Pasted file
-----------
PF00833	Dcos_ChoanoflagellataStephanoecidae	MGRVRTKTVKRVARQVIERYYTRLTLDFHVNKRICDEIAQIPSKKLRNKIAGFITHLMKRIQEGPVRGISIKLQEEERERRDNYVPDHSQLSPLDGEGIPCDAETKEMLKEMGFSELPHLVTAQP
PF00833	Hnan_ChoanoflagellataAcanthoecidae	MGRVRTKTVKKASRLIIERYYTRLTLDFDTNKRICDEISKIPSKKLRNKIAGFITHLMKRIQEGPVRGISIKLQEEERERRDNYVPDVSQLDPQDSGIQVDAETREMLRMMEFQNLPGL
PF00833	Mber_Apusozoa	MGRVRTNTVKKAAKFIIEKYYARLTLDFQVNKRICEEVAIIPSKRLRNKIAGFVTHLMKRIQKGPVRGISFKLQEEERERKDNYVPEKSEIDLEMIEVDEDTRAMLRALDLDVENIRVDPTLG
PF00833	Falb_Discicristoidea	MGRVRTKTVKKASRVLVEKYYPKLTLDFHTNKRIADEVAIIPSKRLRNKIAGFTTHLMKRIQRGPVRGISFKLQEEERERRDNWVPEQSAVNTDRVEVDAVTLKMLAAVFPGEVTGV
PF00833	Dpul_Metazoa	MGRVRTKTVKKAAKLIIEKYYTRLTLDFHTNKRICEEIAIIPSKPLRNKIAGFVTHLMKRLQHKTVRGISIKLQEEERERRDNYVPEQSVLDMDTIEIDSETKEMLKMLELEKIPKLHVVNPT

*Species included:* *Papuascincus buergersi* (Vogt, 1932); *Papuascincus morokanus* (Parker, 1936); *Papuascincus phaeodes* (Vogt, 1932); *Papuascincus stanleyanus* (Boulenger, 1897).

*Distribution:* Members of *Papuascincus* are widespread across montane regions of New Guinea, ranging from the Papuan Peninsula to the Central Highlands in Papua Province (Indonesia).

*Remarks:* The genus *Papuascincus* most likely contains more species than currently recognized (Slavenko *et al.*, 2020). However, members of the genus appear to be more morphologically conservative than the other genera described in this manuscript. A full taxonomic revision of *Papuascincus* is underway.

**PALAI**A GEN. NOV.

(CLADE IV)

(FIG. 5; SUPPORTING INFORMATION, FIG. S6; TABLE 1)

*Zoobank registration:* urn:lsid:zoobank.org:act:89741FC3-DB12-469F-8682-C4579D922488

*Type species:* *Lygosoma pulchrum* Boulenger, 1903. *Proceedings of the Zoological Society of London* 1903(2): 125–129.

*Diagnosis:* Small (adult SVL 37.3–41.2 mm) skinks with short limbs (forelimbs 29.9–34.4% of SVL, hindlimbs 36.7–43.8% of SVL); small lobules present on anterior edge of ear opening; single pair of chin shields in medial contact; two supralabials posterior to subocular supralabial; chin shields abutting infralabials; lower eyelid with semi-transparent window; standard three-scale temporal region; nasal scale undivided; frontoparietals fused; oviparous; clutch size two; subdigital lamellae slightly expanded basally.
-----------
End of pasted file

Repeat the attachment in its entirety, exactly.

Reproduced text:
PF00833	Dcos_ChoanoflagellataStephanoecidae	MGRVRTKTVKRVARQVIERYYTRLTLDFHVNKRICDEIAQIPSKKLRNKIAGFITHLMKRIQEGPVRGISIKLQEEERERRDNYVPDHSQLSPLDGEGIPCDAETKEMLKEMGFSELPHLVTAQP
PF00833	Hnan_ChoanoflagellataAcanthoecidae	MGRVRTKTVKKASRLIIERYYTRLTLDFDTNKRICDEISKIPSKKLRNKIAGFITHLMKRIQEGPVRGISIKLQEEERERRDNYVPDVSQLDPQDSGIQVDAETREMLRMMEFQNLPGL
PF00833	Mber_Apusozoa	MGRVRTNTVKKAAKFIIEKYYARLTLDFQVNKRICEEVAIIPSKRLRNKIAGFVTHLMKRIQKGPVRGISFKLQEEERERKDNYVPEKSEIDLEMIEVDEDTRAMLRALDLDVENIRVDPTLG
PF00833	Falb_Discicristoidea	MGRVRTKTVKKASRVLVEKYYPKLTLDFHTNKRIADEVAIIPSKRLRNKIAGFTTHLMKRIQRGPVRGISFKLQEEERERRDNWVPEQSAVNTDRVEVDAVTLKMLAAVFPGEVTGV
PF00833	Dpul_Metazoa	MGRVRTKTVKKAAKLIIEKYYTRLTLDFHTNKRICEEIAIIPSKPLRNKIAGFVTHLMKRLQHKTVRGISIKLQEEERERRDNYVPEQSVLDMDTIEIDSETKEMLKMLELEKIPKLHVVNPT

*Species included:* *Papuascincus buergersi* (Vogt, 1932); *Papuascincus morokanus* (Parker, 1936); *Papuascincus phaeodes* (Vogt, 1932); *Papuascincus stanleyanus* (Boulenger, 1897).

*Distribution:* Members of *Papuascincus* are widespread across montane regions of New Guinea, ranging from the Papuan Peninsula to the Central Highlands in Papua Province (Indonesia).

*Remarks:* The genus *Papuascincus* most likely contains more species than currently recognized (Slavenko *et al.*, 2020). However, members of the genus appear to be more morphologically conservative than the other genera described in this manuscript. A full taxonomic revision of *Papuascincus* is underway.

**PALAI**A GEN. NOV.

(CLADE IV)

(FIG. 5; SUPPORTING INFORMATION, FIG. S6; TABLE 1)

*Zoobank registration:* urn:lsid:zoobank.org:act:89741FC3-DB12-469F-8682-C4579D922488

*Type species:* *Lygosoma pulchrum* Boulenger, 1903. *Proceedings of the Zoological Society of London* 1903(2): 125–129.

*Diagnosis:* Small (adult SVL 37.3–41.2 mm) skinks with short limbs (forelimbs 29.9–34.4% of SVL, hindlimbs 36.7–43.8% of SVL); small lobules present on anterior edge of ear opening; single pair of chin shields in medial contact; two supralabials posterior to subocular supralabial; chin shields abutting infralabials; lower eyelid with semi-transparent window; standard three-scale temporal region; nasal scale undivided; frontoparietals fused; oviparous; clutch size two; subdigital lamellae slightly expanded basally.